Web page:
ST: Speaking of healing- How long do you think before it’s possible to smoke a joint without having some kind of illness?
DH: Well, (laughs) I think you need to talk to two people. The voters of California, but more importantly the Congress of the United States to see when they’re gonna be willing to change federal law and federal policy and they enforce federal law. So, for right now, have that medical card.
ST: These 7×7 miles seem to be getting a lot more square with every year that passes. Other cities seem to have more of a handle on things like street fairs and nightlife. Is the fun in the city destined to go the way of, say, the Eagle?
DH: I certainly hope not! And let me tell you- I have fond memories of the Eagle. When I first ran for office in 2001, one of the great pleasures…you show up on a Sunday afternoon beer blast at the Eagle as a candidate and you get up on stage to say a few words.. and it’s 500 guys and you got to say your piece. I believe nightlife is incredibly important to San Francisco. We need to maintain creativity and that’s why I proposed a entertainment district South of Market and why I have actively worked with nightclub owners and the entertainment industry- the vast majority of whom play by the rules- I work with them to make sure they are not getting hassled by the ABC and the ABC is not being unreasonable and we’re trying to be as friendly as we can here in San Francisco to help the business owners provide entertainment and nightlife opportunities for San Franciscans. I go out all the time- I love going out. And I think if you’re going to be that 24/7 kinda city, you better have a hell of a lot more activity then what’s going on here right now. I think people want be in creative cities. Someone that is working hard want to play hard. And you can’ttell me that you can’t strike that balance in a major city between work, creativity, and protected neighbourhoods. I believe you can.
ST: Diversity seems important to San Franciscans, but is it also endangered? Folks seem both pissed and scared. Has this “ Girl of the Golden West” forgotten who her people are?
DH: By diversity, I take it you mean across the board- socioeconomic, etc. That’s something we always have to be aware of. When you look at the fact that the African-American population has fallen from 11% to 4% in the past ten years, when you look at that middle class Latino folks can’t afford to be in the Mission anymore, when you look a the fact that industrial workers aren’t her in the degree that they were- I mean, I think that’s something we gotta always be aware of. We also are a place of great opportunity. We got a tech sector and young people are flocking here to find there economic dream..here in San Francisco instead of just down on the peninsula, that’s great, but it can’t be at the expense of other communities. We need to make sure that we are providing broad-based economic opportunity for all folks across different socioeconomic levels an that we maintain the racial and ethnic diversity in San Francisco. That’s what makes it a beautiful place and we can’t..I don’t ever want to be in a place that is just homogenized even though it might be a physically beautiful place. I want to maintain all the beauty in San Francisco and diversity is a big part of it.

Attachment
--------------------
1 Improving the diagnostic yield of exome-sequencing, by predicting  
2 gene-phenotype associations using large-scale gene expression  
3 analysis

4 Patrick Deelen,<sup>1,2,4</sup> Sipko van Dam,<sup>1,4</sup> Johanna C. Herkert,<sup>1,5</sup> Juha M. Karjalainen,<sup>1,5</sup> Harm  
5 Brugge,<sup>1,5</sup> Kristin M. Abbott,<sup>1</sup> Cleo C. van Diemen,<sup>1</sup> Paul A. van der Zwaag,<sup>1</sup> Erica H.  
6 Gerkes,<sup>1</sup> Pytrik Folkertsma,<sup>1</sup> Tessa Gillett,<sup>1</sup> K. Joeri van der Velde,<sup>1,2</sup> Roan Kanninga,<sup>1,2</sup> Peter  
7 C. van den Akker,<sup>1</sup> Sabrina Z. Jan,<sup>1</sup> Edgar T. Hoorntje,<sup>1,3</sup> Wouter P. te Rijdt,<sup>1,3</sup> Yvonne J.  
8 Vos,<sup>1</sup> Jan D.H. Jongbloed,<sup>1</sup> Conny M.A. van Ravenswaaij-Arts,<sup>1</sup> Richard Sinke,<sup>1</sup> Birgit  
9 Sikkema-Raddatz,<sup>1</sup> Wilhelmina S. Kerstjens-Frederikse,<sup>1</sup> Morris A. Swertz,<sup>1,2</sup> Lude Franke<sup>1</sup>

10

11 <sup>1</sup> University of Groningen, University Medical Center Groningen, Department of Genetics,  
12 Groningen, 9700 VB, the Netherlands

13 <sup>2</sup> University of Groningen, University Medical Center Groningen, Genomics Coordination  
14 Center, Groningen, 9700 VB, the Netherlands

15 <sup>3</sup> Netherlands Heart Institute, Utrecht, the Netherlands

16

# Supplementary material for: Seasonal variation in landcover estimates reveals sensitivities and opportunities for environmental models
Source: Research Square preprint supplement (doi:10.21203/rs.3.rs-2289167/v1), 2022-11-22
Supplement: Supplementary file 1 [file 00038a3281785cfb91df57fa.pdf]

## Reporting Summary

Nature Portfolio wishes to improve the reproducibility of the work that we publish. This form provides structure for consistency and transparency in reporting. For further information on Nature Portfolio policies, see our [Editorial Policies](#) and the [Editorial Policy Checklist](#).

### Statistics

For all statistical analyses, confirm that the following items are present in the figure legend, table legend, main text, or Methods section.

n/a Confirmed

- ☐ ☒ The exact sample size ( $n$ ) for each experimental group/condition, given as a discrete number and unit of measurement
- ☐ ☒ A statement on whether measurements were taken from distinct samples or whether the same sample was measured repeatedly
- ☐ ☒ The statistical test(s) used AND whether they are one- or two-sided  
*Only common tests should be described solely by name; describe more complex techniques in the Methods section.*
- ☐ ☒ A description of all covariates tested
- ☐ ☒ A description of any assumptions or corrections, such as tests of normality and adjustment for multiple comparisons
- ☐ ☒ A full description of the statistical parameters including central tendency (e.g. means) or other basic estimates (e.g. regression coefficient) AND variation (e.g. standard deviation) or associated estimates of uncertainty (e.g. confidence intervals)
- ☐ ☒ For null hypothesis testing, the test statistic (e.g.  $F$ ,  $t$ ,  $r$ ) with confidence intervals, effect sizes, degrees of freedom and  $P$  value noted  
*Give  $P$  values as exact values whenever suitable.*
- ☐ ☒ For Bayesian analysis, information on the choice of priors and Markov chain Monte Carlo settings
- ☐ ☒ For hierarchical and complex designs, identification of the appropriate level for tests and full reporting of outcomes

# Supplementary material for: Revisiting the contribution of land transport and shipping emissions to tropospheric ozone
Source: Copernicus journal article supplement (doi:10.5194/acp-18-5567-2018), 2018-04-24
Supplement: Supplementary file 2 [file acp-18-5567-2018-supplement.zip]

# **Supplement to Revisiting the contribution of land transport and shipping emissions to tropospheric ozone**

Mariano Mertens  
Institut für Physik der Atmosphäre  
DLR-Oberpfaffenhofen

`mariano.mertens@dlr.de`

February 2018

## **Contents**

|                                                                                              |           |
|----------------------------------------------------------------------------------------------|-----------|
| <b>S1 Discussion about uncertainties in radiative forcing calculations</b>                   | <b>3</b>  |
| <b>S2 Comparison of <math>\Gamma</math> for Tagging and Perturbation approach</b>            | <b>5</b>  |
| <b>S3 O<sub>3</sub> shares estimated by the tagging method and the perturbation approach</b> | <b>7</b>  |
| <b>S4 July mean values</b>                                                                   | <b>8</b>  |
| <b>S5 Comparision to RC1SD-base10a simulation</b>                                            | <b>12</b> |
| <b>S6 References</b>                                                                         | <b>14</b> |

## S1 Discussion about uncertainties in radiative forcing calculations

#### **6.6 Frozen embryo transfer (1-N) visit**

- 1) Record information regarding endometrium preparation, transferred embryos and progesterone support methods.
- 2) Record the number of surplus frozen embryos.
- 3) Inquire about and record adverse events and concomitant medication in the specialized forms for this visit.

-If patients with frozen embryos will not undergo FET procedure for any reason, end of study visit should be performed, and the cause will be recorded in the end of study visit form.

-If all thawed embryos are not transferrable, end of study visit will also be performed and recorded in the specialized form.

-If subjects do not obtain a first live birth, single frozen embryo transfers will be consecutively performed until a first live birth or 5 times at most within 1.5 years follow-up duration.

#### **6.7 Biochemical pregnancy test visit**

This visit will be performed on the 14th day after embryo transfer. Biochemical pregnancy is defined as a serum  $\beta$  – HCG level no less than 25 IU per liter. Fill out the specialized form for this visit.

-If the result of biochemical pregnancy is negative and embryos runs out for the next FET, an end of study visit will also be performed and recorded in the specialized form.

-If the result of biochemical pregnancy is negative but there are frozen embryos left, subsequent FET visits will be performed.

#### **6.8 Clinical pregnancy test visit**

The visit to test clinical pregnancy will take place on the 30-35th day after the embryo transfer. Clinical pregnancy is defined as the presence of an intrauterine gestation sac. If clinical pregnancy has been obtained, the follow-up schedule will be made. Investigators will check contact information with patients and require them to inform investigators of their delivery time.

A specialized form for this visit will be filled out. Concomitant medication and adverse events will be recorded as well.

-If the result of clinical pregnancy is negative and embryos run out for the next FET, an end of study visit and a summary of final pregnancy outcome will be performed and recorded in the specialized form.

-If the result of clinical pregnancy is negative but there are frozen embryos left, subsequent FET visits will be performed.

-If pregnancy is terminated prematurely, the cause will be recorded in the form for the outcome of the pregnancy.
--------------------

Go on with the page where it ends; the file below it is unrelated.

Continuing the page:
ST: Who’s your local hero?
DH: My local hero…..other than my wife and my son? I would have to say Tim Lincecum. I’m a huge baseball fan and I know a lot of people like Brian Wilson and “The Beard,” but the “The Freak” does it for me. I love the way this 5’10” goes out and dominates players and does it in a cool, quiet way.
ST: Every American city has deep-seeded, local subjects of debate, where one has to take a side. What is your stance on the following: What is the best a) coffee; b) ice cream; c) cioppino; d) burrito; e) dim sum?
DH: Okay. I would say this: Piccino in my neighbourhood serves the best coffee. And I will tell you that they have historically done Blue Bottle- and I love Blue Bottle- but they just changed to a more….I think it’s not as strong, but it’s a bit more florally aromatic blend of coffee which is just as goos, but different. But I love Piccino.